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Recent court decisions exhibit the array of issues work comp systems grapple with, from urban mayhem to horses gone wild.
An Illinois appeals court, for example, ruled this month that an employer must provide work comp benefits for an employee shot and left paralyzed by gang members shooting from an automobile as they chased rivals in another car.
A stray bullet struck the restaurant worker as she tended bar next to floor-to-ceiling windows. Her employer argued her injuries did not result from her employment.
But the appeals court found that the bar tender worked in a neighborhood where gangs battle over turf, shootings are most common during the late-night hours she worked, and the windows next to her bartending area were adjacent to the street.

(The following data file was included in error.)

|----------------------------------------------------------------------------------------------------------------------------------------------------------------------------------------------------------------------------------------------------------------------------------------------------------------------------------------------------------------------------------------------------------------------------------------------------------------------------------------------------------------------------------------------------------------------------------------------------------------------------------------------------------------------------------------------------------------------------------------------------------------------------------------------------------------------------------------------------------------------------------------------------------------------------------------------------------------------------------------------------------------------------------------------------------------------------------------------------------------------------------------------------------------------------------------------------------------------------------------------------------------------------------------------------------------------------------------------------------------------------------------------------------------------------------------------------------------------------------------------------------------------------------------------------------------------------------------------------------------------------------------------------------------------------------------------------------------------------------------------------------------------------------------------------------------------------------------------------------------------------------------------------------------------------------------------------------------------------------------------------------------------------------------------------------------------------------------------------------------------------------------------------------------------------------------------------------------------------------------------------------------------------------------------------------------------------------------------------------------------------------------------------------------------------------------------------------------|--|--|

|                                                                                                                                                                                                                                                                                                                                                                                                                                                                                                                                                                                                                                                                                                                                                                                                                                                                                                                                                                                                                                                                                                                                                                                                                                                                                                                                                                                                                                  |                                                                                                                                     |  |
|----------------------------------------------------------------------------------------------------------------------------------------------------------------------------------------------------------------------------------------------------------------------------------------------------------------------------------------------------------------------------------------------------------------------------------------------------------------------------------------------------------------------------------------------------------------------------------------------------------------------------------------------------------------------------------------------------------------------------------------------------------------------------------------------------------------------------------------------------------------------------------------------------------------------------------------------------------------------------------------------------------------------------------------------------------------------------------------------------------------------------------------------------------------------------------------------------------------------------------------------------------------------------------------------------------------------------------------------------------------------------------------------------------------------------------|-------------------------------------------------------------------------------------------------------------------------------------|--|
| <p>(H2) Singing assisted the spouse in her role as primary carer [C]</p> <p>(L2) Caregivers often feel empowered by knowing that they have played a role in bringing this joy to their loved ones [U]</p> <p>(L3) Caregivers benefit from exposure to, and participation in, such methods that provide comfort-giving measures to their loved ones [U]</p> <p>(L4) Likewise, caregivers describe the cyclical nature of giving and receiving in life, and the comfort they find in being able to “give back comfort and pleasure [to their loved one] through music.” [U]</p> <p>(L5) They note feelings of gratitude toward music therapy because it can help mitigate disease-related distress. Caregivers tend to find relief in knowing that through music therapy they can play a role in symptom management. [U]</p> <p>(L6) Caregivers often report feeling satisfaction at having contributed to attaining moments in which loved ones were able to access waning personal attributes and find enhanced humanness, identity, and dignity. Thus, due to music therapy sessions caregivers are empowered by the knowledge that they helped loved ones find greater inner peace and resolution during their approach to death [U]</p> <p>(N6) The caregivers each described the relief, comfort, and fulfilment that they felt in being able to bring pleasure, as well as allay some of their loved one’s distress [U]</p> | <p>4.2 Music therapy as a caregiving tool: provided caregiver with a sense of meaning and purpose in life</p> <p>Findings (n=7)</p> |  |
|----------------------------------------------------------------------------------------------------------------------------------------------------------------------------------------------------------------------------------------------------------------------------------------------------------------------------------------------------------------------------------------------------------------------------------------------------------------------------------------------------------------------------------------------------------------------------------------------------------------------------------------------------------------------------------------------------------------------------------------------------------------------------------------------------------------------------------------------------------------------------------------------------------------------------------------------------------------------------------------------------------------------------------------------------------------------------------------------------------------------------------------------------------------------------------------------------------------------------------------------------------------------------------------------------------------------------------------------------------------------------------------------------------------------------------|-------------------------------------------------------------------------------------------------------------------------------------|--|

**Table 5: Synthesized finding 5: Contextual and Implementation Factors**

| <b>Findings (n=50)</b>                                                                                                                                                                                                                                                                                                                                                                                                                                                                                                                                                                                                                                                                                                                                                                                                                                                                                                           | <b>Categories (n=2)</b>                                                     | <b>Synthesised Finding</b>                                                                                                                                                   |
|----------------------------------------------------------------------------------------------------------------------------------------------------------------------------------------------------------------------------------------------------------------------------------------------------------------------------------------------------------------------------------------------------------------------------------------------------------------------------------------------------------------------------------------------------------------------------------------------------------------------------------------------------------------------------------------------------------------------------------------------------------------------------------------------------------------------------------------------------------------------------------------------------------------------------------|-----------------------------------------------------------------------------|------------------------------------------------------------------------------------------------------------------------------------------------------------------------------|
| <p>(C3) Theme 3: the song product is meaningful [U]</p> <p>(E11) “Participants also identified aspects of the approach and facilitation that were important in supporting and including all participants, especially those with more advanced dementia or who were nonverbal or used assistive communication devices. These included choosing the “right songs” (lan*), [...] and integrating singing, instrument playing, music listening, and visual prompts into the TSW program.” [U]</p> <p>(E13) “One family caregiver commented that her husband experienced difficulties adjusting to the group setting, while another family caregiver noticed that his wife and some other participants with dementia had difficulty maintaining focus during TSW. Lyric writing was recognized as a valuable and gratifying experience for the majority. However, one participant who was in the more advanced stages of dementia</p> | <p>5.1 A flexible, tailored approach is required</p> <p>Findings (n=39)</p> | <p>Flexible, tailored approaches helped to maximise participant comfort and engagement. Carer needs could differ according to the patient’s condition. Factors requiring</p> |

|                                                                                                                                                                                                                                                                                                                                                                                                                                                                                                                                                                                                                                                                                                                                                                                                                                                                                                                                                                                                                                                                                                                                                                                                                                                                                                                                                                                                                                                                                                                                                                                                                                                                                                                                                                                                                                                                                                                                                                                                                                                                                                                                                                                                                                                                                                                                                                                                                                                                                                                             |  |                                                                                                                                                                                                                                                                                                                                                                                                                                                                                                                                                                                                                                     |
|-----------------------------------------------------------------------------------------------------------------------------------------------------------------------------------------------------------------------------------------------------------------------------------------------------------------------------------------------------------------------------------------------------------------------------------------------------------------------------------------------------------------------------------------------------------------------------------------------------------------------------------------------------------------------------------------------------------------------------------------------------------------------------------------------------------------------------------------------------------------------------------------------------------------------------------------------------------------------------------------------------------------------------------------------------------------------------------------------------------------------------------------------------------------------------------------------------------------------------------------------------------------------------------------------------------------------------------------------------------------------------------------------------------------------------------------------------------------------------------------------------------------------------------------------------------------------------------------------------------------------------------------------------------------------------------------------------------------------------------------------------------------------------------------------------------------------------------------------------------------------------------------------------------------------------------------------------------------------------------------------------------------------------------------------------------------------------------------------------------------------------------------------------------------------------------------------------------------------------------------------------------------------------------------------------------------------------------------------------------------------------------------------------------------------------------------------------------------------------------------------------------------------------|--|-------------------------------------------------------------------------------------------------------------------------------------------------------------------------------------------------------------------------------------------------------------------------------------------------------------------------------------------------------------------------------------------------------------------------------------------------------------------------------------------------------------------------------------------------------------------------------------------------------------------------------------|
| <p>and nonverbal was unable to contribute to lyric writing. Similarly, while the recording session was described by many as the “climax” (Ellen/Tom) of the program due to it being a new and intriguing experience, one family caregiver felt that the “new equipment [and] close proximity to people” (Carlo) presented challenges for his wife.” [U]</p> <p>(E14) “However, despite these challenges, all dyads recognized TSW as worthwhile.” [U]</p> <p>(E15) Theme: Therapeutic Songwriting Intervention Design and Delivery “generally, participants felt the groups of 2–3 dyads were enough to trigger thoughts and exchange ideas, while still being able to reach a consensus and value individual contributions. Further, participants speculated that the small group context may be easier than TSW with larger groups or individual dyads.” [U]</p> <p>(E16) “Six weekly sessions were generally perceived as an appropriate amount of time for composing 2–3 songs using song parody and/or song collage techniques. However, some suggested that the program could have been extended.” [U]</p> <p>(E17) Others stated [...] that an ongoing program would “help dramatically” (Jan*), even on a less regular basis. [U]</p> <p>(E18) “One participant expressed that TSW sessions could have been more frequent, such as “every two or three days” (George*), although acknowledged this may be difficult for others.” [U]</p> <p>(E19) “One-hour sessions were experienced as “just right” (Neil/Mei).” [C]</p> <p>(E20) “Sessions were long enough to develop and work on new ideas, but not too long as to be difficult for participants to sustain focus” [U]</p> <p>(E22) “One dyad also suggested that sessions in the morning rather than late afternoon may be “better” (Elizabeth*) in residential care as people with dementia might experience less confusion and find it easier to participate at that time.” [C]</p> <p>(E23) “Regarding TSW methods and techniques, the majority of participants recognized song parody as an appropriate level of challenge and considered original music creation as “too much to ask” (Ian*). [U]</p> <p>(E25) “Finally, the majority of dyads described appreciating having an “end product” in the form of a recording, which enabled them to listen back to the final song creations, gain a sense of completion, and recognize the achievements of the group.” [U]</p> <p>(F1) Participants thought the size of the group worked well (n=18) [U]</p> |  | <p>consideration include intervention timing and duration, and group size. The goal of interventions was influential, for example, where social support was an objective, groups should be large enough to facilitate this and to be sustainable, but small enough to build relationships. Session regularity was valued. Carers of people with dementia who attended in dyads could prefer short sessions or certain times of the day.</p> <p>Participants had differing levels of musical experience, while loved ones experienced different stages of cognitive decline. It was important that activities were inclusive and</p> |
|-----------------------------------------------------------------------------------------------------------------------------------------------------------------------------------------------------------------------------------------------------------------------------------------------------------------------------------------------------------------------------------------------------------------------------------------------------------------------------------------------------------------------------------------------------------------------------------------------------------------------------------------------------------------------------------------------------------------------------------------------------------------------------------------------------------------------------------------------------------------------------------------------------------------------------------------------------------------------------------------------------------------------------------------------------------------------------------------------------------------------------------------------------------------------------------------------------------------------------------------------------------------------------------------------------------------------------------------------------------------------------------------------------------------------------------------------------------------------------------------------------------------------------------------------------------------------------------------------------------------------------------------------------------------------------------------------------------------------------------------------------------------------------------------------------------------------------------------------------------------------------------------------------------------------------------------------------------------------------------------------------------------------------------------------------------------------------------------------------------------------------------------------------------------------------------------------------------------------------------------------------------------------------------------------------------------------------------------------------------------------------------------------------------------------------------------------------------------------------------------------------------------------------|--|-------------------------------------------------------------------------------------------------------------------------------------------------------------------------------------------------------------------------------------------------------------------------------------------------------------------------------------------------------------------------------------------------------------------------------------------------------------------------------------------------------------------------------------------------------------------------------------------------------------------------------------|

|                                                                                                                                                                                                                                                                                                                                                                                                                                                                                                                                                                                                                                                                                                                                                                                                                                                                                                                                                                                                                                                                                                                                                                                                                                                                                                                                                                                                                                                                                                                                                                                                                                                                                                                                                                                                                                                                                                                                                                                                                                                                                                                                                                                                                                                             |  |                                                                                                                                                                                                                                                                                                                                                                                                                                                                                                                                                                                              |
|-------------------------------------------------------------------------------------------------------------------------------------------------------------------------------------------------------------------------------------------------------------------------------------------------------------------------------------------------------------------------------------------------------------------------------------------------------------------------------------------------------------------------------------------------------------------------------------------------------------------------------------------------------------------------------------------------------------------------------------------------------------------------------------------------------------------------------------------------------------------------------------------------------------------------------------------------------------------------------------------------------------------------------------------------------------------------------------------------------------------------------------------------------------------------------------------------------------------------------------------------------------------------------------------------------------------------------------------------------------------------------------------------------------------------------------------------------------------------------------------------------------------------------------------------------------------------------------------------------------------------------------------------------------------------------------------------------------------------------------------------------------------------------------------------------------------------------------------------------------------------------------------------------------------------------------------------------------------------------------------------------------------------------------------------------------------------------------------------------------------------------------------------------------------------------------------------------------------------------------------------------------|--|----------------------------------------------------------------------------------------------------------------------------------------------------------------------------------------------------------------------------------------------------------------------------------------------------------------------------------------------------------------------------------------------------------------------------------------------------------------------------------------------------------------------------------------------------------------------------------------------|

Therefore, her work exposed her to a greater likelihood of injury than the general public is normally exposed to.
In Iowa, meanwhile, the Supreme Court recently found that a Domesticated Animal Activities Act prevented a farmhand from suing his employer for negligence after a horse threw a fit, bucked him off, and then stepped on him.
The court found, however, that, the law does not bar the employee's entitlement to work comp benefits.